Glasgow & West Scotland

Andy Coulson trial: Phone hacking was 'systematic'

andy coulson Image copyright PA
Image caption Mr Coulson denies lying under oath

The Andy Coulson perjury trial has been told the former News of the World editor knew about phone hacking as the practice was "systematic" at the paper.

James Weatherup, 59, told a jury that intercepting voicemails was part of the "day-to-day" life at the publication.

The ex-news editor at the now defunct paper also claimed phone hacking was discussed at editorial conferences.

Mr Coulson, 47, denies lying while giving evidence at the 2010 perjury trial of Tommy Sheridan in Glasgow.

  • For updates on the trial follow BBC Scotland reporter @BBCPhilipSim on Twitter

Mr Weatherup was giving evidence on the seventh day of the trial at the High Court in Edinburgh.

He told the court that he was appointed to the post of news editor in 2004 when Mr Coulson was the editor.

The witness pleaded guilty to a charge of phone hacking in 2013 and was given a four month suspended sentence, the court heard.

Investigator cash

Mr Weatherup told the court that, a few days into his new role at the paper, he was asked to cut its budget and began to question a payment made to private investigator Glenn Mulcaire's company, Nine Consultancy.

The salary was about £92,000 - more than the reporters were paid, the witness told the court.

Asked by advocate depute Richard Goddard, prosecuting, if he inquired who was getting the money, he replied: "I was told it was a private investigator called Glenn Mulcaire and I had to work with him."

He said managing editor Stuart Kuttner made the comment to him.

On the payment to the consultancy, which Mr Weatherup described as a "huge sum", he said: "I didn't see the point of having a private investigator being paid full-time for things.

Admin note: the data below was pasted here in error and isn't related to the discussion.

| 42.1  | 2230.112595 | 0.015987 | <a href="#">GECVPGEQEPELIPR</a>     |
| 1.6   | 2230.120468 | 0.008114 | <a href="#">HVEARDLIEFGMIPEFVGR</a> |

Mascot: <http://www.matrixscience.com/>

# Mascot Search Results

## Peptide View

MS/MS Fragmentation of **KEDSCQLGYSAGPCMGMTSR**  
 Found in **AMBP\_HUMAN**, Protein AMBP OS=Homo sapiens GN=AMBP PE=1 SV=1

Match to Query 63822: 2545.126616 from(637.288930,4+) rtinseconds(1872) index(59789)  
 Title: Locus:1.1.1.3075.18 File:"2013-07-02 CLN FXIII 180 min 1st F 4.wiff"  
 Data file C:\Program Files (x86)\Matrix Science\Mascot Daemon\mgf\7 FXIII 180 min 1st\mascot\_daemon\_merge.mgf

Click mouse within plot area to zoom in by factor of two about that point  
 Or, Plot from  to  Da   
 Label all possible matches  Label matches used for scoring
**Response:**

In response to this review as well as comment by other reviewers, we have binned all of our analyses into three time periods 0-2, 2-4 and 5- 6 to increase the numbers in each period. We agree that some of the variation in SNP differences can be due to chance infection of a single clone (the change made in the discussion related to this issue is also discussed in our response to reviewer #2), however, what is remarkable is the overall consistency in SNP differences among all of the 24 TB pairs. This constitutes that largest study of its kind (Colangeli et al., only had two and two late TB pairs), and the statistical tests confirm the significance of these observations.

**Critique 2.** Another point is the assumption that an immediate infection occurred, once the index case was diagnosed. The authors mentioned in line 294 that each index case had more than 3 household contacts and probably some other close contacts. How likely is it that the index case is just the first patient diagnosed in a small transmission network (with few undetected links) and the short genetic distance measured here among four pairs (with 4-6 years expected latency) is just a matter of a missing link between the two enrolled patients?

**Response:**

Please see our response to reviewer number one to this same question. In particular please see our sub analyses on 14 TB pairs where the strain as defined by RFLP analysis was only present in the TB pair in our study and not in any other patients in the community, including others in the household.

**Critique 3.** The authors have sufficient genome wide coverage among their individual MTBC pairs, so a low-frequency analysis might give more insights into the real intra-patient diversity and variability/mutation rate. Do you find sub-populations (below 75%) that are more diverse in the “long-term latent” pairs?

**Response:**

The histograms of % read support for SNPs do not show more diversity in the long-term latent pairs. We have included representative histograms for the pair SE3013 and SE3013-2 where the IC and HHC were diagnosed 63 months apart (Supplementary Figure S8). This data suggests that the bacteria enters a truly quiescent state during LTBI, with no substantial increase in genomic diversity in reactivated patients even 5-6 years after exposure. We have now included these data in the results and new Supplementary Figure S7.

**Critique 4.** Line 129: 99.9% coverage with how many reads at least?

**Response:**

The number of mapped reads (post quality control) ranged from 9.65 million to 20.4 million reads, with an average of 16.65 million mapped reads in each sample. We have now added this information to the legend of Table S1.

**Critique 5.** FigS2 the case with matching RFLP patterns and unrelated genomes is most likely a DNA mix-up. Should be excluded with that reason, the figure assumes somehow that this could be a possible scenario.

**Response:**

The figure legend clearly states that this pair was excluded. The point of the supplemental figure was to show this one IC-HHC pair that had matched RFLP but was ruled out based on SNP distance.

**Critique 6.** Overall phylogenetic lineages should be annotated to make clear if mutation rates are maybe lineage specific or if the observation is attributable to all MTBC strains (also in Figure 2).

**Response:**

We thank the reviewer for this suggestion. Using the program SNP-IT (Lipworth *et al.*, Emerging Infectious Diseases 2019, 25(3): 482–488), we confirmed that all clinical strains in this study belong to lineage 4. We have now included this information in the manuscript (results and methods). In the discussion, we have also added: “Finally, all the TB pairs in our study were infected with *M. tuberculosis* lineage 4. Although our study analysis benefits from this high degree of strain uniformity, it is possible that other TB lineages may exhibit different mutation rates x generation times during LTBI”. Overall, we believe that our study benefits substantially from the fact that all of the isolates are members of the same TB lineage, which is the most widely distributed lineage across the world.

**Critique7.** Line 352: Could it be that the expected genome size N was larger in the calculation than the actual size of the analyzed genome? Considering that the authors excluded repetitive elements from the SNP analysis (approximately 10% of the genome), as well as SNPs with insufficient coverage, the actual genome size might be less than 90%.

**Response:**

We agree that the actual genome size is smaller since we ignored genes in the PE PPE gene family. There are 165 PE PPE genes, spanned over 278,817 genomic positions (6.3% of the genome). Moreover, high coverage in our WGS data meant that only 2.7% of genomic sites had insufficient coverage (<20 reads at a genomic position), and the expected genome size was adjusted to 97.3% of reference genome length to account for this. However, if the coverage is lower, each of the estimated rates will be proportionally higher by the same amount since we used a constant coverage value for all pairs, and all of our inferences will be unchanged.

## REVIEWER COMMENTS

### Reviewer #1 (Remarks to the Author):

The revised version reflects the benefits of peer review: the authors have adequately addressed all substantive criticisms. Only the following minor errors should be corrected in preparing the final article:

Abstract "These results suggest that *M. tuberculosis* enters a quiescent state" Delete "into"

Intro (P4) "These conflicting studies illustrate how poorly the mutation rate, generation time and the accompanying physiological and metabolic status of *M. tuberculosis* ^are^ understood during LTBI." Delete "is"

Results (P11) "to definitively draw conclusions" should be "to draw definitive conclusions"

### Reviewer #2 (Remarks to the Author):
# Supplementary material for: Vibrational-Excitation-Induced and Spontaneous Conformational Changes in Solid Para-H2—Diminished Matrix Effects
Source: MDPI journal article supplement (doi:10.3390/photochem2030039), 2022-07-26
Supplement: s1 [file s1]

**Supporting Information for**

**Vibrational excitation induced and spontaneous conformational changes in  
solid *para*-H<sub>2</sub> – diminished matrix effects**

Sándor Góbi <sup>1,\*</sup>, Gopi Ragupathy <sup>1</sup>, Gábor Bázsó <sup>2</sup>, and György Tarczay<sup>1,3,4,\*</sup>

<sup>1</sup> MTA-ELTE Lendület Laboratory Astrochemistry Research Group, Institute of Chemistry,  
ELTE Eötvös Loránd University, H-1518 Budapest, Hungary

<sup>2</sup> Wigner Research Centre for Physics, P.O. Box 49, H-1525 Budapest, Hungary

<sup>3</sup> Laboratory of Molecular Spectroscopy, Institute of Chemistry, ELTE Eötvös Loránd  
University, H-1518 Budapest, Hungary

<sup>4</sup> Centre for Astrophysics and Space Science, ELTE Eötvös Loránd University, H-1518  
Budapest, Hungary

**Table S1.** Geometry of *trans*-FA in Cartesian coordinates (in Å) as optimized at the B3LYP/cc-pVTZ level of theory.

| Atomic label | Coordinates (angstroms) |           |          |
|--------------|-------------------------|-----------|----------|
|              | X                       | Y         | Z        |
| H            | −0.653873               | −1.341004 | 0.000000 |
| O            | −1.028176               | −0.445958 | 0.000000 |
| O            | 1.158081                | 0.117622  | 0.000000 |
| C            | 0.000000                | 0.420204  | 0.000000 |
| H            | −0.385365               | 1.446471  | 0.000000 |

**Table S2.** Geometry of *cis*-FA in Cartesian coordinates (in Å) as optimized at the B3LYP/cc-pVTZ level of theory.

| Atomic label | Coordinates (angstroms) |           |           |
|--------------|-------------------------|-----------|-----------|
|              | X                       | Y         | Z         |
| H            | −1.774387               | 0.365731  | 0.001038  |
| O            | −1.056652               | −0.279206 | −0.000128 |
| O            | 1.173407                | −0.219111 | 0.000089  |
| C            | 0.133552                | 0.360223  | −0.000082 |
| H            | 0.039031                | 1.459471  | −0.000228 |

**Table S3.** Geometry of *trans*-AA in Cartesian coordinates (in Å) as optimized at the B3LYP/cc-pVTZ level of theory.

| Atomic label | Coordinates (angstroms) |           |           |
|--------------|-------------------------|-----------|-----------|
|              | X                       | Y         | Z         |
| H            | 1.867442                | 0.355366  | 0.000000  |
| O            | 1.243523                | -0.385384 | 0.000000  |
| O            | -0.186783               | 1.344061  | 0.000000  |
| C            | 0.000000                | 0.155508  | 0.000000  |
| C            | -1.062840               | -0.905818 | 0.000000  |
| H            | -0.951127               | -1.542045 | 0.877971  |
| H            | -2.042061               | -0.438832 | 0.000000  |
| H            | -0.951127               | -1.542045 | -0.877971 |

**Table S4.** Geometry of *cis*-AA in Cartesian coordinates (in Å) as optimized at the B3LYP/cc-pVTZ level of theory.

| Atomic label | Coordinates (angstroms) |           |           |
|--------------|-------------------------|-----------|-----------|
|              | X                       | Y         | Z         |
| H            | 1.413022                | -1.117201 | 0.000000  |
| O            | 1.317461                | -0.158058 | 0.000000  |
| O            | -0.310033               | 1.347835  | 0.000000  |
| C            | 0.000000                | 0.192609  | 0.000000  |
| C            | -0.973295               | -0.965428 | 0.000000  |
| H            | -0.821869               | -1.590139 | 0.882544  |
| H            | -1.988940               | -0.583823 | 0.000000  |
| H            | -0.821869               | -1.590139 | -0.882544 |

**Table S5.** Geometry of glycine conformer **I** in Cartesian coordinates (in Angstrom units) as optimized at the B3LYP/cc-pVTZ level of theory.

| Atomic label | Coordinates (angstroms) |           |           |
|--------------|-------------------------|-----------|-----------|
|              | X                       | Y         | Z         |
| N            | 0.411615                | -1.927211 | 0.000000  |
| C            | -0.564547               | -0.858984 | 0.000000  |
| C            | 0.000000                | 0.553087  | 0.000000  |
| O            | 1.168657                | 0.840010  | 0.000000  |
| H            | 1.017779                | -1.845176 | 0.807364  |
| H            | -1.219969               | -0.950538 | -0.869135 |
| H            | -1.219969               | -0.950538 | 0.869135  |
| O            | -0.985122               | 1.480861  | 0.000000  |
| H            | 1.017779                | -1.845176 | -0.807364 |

"If you needed things done I thought it would be better and cheaper to be done ad hoc."

The witness said he later raised the issue with Mr Coulson in his office and told him "we didn't need Glenn Mulcaire on the payroll".

Mr Weatherup said Mr Coulson told him to "see Stuart". The witness insisted "there was no appetite to get rid of him (Mulcaire) by senior management".

Mr Weatherup said he himself was not aware initially but soon found out that Mr Mulcaire "was a phone hacker" and had used his services 137 times, but not all for phone hacking.

Mr Goddard asked Mr Weatherup: "From what you yourself witnessed, did Mr Coulson appear to be aware or not that Mr Mulcaire was hacking phones?"

"Hacking phones was systematic at the News of the World," he replied.

Hand 'signal'

"Did Mr Coulson appear or not to know that Mr Mulcaire was hacking phones?"

"Andy would have known that Mulcaire was hacking phones," the witness replied.

The journalist also said that he told Mr Coulson that stories had been obtained from hacking phones.

Telling the court that he would make a telephone gesture with his hands, Mr Weatherup added: "I would have used a signal with my hands when Andy asked me where a story had came from."

Mr Goddard was also asked if Mr Coulson would have known about how stories were sourced and said: "All editors are concerned about sourcing, yeah. He needed to know where a story had come from."

When Mr Coulson's advocate, Murdo Macleod QC, asked Mr Weatherup whether his evidence was "nonsense," the journalist replied: "I have no reason to lie. I feel sorry for Andy. I feel for his wife. I feel sorry for his children. I have no reason to tell lies."

Later, when Mr Goddard asked Mr Weatherup how he felt about claims that he had lied in his evidence, the former executive added that he had come to court reluctantly.

He added: "I would say it was a gross slur on my character and it's not true.

"I have not come here to lie. I have come here to tell the truth reluctantly.

"I don't want to be here. I want put all of this behind me but it just comes back to haunt me."

The charge against Mr Coulson alleges that he lied in court when he appeared as a witness at Mr Sheridan's perjury trial and that before August 2006 he did know about phone hacking, did know or know of a private investigator Glenn Mulcaire and did know about payments by the newspaper to corrupt police officers.

The trial before Lord Burns continues.

Related Topics

More on this story

Related Internet links

The BBC is not responsible for the content of external Internet sites